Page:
Growing up in Mexico, school was never an option for Gabriel Echeverria. When he moved to Pescadero, the 66-year-old found work at a local flower nursery where literacy wasn’t an issue.
But today, Echeverria is well on his way to earning his elementary school certificate through Plaza Comunitaria, a program Puente offers in concert with the National Institute for Adult Education in Mexico.
The literacy program, offered by a growing number of schools and organizations in the U.S., gives expatriates an opportunity to earn a “primaria” (elementary) or “secondaria” (middle school) degree.
Three years into his studies with a tutor at Puente, Echeverria can read and write in Spanish. He staffs La Sala, Puente’s biweekly social hour for local fieldworkers; his job is to keep track of attendance, and inventory the supplies Puente donates. Echeverria says his new arithmetic skills have come in handy there. And importantly, Echeverria is one of Puente’s longest serving board members.
“I first joined Plaza Comunitaria to learn more words, but what I’ve gained from studying is bigger,” says Echeverria. “I feel more confident and more motivated. I feel important, like now I know how to do things.”
Because they’re starting from scratch, it can take years for students to earn a certificate of literacy from Plaza Comunitaria. Once they learn to read, they learn other subjects by reading textbooks on health, social studies and Mexican history.
Puente is tutoring eight students right now. Ostensibly, the goal of Plaza Comunitaria is to help Mexicans prepare for a better future if they return to Mexico. But people do it for all kinds of reasons, says Rita Mancera, program director for Puente.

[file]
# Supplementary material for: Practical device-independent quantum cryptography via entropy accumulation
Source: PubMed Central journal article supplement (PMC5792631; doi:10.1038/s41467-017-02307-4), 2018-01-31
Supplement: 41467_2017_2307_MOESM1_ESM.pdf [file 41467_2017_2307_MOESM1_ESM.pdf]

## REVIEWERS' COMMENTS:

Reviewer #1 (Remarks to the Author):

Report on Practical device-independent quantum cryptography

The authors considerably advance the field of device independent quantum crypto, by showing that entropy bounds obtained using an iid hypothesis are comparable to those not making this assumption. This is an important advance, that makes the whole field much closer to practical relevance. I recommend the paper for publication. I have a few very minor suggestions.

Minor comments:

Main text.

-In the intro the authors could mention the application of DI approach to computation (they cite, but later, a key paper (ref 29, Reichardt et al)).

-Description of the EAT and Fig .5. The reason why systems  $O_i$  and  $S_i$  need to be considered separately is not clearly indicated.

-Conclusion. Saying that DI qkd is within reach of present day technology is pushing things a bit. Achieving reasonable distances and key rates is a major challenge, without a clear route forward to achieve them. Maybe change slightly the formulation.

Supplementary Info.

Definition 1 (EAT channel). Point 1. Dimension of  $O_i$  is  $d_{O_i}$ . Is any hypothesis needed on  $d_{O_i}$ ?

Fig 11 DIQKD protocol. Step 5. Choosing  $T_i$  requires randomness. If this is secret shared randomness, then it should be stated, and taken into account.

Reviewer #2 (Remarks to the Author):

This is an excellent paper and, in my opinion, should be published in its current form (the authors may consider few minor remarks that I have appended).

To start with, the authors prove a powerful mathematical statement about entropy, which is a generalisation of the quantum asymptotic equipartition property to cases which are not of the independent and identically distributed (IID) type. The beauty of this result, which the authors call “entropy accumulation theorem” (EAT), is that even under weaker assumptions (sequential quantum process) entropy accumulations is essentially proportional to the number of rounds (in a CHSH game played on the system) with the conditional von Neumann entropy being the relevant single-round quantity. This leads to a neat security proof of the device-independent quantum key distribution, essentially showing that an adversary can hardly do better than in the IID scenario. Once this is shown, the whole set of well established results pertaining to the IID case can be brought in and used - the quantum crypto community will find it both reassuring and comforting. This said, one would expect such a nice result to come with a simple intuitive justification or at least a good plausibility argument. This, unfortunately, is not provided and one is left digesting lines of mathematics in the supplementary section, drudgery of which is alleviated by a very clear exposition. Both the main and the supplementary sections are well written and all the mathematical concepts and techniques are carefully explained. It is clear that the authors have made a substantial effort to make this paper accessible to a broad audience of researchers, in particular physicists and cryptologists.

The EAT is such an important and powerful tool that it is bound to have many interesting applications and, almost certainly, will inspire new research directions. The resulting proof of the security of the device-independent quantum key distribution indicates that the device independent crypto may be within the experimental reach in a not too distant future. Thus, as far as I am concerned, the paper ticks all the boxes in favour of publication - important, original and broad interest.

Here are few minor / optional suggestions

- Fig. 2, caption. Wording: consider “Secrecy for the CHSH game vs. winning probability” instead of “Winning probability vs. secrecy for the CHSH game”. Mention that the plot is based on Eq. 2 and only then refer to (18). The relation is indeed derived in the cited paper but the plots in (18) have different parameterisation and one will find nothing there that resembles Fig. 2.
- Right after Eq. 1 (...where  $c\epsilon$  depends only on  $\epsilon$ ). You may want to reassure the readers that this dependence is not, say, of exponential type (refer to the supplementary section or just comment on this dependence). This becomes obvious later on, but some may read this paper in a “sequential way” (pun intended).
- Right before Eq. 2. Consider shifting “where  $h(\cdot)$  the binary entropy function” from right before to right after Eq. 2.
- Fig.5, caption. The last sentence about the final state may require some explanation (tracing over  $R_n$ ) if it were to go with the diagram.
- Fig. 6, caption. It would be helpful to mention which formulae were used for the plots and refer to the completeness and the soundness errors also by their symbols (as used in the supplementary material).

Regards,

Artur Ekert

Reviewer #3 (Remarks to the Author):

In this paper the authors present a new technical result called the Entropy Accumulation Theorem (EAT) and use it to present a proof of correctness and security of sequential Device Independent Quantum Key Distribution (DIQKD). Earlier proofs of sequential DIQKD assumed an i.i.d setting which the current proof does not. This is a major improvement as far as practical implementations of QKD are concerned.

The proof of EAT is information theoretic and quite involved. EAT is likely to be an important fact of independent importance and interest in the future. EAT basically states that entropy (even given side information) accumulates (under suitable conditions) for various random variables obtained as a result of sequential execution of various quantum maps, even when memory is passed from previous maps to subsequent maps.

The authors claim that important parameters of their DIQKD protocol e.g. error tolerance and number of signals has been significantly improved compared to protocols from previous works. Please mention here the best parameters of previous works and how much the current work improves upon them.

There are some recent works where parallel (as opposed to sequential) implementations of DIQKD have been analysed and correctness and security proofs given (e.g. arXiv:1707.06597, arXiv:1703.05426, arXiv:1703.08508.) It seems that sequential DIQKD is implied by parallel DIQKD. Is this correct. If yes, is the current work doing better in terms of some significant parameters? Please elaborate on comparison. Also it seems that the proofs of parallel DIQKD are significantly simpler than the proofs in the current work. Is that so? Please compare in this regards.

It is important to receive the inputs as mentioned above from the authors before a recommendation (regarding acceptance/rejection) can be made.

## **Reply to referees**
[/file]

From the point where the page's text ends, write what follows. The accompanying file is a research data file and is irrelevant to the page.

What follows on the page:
“People have completed the program, but it doesn’t mean they get a better job or they get a raise – it’s because they want to be a role model for their children. It’s something they want do for their own sake, for their own dreams,” she says.
Kassi Talbot, Learning Center Assistant for Puente, would like to see more students enroll. She says Plaza Comunitaria not only changes a person’s self-image, it challenges stereotypes about Mexican immigrants.
I think helping them get an education is one the best things we can do,” she says.
Funding for the Project is provided in part by the Silicon Valley Community Foundaton and IME Becas. For more information about Plaza Comunitaria or other Puente literacy programs or to make a donation, contact Kassi Talbot at email@example.com or (650) 879-1691 x 138.